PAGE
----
This is why Dyslexia Awareness Month is so important. Please share what you know about dyslexia with other parents — to prevent this:
I am just beginning to realize my son has dyslexia.
It saddens me that I have spent so many years trying to beat information into my son, fighting with him about why he did not understand, frustrated when he did not get it.
Year after year he would tell me, “Mom, I promise I’ll try harder,” yet his grades would still be D’s and F’s and me, of course, letting him know my disappointment.
I feel so very bad about some of the things I have said to him. I even fought with him about why it so hard for him to tie his shoes. “It’s so simple. Why don’t you get it?”
I want to warn other parents so they will understand what I did not. So they will avoid pushing their child to do things they just can’t do, to stop listening to others who claim your child is just being lazy, or who advise “If you take away his favorite sport, I bet he’ll change.”
What hurts me most is that I could see he was such a bright child, very athletic, very creative. Yet every evening, homework turned into fights with me saying things like, “Your brother gets it. Why can’t you?” His self-esteem was already at a low, and all I was doing was making it worse.
It took a huge fight between me and my son late last year, that had us both crying, when I asked him, “Tell me what it is that is so hard for you in class,” and he answered, “I can’t read the big words. I just can’t, and I feel stupid compared to the rest of the kids.” That started me doing an internet search for reading problems, which lead me to dyslexia, which led me to your website. He has almost every classic warning sign of dyslexia. It was as if you had a camera in our house.
I am now going to be the strongest advocate for my child. He is a caring, loving, wonderful soul who wears his heart on his sleeve. He does not deserve the emotional pain that my ignorance caused him.
Can you connect the dots . . . and see the cause and effect this has on our children?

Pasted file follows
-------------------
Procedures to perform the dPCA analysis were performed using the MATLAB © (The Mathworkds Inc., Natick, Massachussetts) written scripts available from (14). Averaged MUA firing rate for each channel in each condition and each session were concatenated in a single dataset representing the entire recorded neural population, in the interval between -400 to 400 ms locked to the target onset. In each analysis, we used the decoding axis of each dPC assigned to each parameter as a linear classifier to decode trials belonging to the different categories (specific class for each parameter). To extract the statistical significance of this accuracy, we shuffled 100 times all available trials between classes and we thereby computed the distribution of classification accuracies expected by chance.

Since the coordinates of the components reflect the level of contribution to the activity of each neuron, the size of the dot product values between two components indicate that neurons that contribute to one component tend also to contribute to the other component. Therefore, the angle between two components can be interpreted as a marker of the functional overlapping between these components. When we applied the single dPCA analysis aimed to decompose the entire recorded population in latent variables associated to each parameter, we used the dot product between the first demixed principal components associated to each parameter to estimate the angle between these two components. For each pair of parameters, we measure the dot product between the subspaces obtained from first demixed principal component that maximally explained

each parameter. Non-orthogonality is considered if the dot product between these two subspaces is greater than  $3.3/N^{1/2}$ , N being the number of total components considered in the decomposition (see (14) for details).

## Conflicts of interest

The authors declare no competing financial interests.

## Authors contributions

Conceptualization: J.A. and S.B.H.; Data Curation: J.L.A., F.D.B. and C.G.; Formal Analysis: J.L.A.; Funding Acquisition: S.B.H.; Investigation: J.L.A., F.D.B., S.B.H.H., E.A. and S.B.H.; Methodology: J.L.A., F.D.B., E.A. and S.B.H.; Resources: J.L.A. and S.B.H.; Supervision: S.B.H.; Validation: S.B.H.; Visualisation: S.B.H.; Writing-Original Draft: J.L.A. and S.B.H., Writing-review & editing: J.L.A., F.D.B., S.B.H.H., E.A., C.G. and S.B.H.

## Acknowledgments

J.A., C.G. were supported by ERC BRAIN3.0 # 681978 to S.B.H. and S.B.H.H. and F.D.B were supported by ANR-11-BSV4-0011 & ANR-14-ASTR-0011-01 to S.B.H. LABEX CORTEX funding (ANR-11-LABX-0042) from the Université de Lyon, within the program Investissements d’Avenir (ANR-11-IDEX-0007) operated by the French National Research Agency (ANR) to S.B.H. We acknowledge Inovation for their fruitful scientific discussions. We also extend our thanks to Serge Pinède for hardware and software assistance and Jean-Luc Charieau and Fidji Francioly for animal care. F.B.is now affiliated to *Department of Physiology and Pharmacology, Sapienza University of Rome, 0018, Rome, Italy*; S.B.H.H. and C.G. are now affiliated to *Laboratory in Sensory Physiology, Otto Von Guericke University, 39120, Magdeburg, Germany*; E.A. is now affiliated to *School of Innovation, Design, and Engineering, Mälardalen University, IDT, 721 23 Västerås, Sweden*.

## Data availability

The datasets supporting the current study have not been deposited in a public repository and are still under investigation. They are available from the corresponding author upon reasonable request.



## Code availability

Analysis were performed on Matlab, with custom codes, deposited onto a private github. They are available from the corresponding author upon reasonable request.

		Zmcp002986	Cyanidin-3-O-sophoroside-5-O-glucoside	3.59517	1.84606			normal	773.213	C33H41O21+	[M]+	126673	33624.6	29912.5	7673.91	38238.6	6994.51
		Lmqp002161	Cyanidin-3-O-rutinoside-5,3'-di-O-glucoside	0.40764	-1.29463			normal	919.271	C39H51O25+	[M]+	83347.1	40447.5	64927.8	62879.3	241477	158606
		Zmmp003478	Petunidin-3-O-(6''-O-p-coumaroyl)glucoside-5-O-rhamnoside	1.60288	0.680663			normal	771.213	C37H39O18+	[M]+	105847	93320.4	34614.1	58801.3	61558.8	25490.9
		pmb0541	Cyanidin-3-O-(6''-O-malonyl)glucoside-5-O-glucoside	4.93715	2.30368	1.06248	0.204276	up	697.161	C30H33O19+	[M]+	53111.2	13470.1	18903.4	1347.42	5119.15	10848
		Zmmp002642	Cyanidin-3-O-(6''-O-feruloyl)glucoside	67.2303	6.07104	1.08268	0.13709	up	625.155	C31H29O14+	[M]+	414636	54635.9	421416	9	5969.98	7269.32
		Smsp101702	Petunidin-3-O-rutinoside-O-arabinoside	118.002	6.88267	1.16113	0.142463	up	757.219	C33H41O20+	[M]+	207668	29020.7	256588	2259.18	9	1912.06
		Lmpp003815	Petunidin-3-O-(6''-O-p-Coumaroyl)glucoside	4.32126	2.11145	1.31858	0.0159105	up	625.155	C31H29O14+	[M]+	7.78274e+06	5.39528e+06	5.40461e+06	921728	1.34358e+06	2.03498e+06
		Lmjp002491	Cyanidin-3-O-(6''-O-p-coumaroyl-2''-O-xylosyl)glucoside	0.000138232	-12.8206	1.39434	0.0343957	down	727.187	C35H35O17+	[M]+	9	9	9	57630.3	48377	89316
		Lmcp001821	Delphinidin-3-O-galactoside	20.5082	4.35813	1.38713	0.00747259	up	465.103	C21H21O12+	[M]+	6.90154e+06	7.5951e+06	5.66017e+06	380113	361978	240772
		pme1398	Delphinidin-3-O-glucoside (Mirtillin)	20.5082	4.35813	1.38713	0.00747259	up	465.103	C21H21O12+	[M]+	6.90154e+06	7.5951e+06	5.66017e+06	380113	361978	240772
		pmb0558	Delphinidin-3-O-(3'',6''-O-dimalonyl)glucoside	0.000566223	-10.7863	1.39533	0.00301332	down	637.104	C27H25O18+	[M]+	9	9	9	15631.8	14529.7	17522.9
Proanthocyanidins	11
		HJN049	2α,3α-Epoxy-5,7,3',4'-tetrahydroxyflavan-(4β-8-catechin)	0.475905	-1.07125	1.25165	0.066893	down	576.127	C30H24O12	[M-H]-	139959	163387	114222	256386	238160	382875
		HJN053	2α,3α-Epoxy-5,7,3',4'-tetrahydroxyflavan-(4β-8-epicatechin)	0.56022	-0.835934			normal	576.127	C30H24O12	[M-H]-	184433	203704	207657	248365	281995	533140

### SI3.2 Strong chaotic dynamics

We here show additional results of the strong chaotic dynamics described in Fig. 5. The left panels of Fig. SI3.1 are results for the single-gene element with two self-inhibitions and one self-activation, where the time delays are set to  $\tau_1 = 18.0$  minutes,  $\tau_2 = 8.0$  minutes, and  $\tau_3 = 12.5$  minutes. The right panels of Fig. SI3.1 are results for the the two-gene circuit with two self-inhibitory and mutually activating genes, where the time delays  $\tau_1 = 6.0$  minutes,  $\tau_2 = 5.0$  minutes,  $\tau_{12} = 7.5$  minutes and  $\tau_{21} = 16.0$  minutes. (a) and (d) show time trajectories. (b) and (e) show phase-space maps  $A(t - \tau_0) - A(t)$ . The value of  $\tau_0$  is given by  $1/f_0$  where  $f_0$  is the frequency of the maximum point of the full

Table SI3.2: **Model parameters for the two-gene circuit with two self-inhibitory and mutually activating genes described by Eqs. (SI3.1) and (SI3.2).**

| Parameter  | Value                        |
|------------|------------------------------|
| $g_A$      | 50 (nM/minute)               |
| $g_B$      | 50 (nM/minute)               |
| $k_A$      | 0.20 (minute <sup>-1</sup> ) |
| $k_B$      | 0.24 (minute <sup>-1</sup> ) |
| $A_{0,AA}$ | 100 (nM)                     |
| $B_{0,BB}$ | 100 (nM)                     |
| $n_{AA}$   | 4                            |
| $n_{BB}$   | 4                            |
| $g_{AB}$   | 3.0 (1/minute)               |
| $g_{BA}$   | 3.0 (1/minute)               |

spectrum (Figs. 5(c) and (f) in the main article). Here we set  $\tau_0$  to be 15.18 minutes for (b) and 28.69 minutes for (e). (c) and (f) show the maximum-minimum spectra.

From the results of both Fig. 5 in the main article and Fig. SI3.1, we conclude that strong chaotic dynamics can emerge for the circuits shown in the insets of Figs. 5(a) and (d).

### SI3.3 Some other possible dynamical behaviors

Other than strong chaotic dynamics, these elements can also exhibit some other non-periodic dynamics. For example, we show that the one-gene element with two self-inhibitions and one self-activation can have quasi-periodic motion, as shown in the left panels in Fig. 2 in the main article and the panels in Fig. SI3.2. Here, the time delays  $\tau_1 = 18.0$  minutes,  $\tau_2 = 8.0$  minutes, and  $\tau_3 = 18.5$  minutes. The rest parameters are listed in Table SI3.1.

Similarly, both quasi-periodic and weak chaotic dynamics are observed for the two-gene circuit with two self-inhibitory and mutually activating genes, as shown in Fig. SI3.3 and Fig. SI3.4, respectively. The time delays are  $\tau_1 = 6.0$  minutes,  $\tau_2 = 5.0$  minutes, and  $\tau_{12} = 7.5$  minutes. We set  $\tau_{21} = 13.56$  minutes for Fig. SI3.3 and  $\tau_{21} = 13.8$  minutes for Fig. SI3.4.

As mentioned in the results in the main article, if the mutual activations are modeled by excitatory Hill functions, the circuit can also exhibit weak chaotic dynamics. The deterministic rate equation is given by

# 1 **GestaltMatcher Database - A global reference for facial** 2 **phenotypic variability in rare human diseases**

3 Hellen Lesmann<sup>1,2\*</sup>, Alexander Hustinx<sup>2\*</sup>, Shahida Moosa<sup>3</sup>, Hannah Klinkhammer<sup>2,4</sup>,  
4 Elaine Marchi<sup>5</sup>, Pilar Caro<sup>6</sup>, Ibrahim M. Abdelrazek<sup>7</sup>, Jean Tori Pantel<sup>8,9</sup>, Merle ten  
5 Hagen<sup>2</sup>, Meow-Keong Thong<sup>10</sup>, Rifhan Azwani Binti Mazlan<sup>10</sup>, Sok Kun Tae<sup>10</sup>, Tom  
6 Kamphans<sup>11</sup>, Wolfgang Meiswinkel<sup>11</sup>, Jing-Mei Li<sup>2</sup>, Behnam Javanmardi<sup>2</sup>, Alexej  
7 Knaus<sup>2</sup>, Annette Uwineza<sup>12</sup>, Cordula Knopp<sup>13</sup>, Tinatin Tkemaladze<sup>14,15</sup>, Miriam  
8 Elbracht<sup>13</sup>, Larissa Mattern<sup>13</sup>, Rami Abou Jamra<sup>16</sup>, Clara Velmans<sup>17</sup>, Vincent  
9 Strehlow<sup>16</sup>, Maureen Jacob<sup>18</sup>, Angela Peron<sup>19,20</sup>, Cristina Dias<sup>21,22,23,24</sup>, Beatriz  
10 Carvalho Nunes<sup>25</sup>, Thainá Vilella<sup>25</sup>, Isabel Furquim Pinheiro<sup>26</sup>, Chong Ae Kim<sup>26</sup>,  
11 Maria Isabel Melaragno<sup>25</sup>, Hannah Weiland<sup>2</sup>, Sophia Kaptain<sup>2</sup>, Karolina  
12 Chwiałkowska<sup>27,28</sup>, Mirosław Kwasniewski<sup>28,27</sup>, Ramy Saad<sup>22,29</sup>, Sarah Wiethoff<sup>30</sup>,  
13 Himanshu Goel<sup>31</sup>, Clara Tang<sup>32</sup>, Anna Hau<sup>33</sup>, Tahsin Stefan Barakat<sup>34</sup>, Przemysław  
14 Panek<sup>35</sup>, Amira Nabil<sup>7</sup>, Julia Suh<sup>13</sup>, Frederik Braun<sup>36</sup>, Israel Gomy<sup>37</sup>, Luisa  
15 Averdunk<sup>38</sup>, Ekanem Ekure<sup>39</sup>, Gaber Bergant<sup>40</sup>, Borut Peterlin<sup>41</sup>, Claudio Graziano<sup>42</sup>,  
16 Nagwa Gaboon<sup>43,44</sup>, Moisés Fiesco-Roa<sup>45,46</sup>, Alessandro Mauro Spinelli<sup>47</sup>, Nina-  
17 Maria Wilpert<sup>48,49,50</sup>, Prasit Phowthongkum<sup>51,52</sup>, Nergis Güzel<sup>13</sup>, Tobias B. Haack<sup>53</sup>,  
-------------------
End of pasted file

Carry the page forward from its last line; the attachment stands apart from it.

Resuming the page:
First I received this email from a reading specialist:
In December I will graduate with a Masters of Education in Literacy and a reading specialist endorsement. Despite an otherwise excellent program, guess what I have not learned… how to teach students who struggle to learn to read.
But I have a dyslexic son, so I know the programs exist. Question is, will I be allowed to use them and actually help struggling students?
Then I received this email from a parent:
My son started struggling in reading in kindergarten. He worked with a Reading Specialist at school who used Reading Recovery with little or no lasting success.
He was promoted to first grade but was put in Tier 2 of RTI (Response to Intervention) at the beginning of first grade. We also hired a private tutor to work with him after school.
That is in addition to spending up to 3 hours a night on homework. He is the hardest working kid you will ever meet. He never gives up — despite only passing 2 spelling tests in his entire life.
He was diagnosed with dyslexia during the summer after first grade. I then did a foolish thing. I presented the results to the school and assumed they would take over from there and provide him with the right type of help.
But he is now in third grade, and despite having a 504 Plan in place, he is still reading at a first grade level (even after spending last summer going to a Sylvan center). Yet he is very bright. He gets an A in science and social studies because the tests are read to him.
My son is getting frustrated, and he is tired of reading the “babyish” books.
The teachers in our schools need to be educated on how to teach dyslexic children to read — and so do I.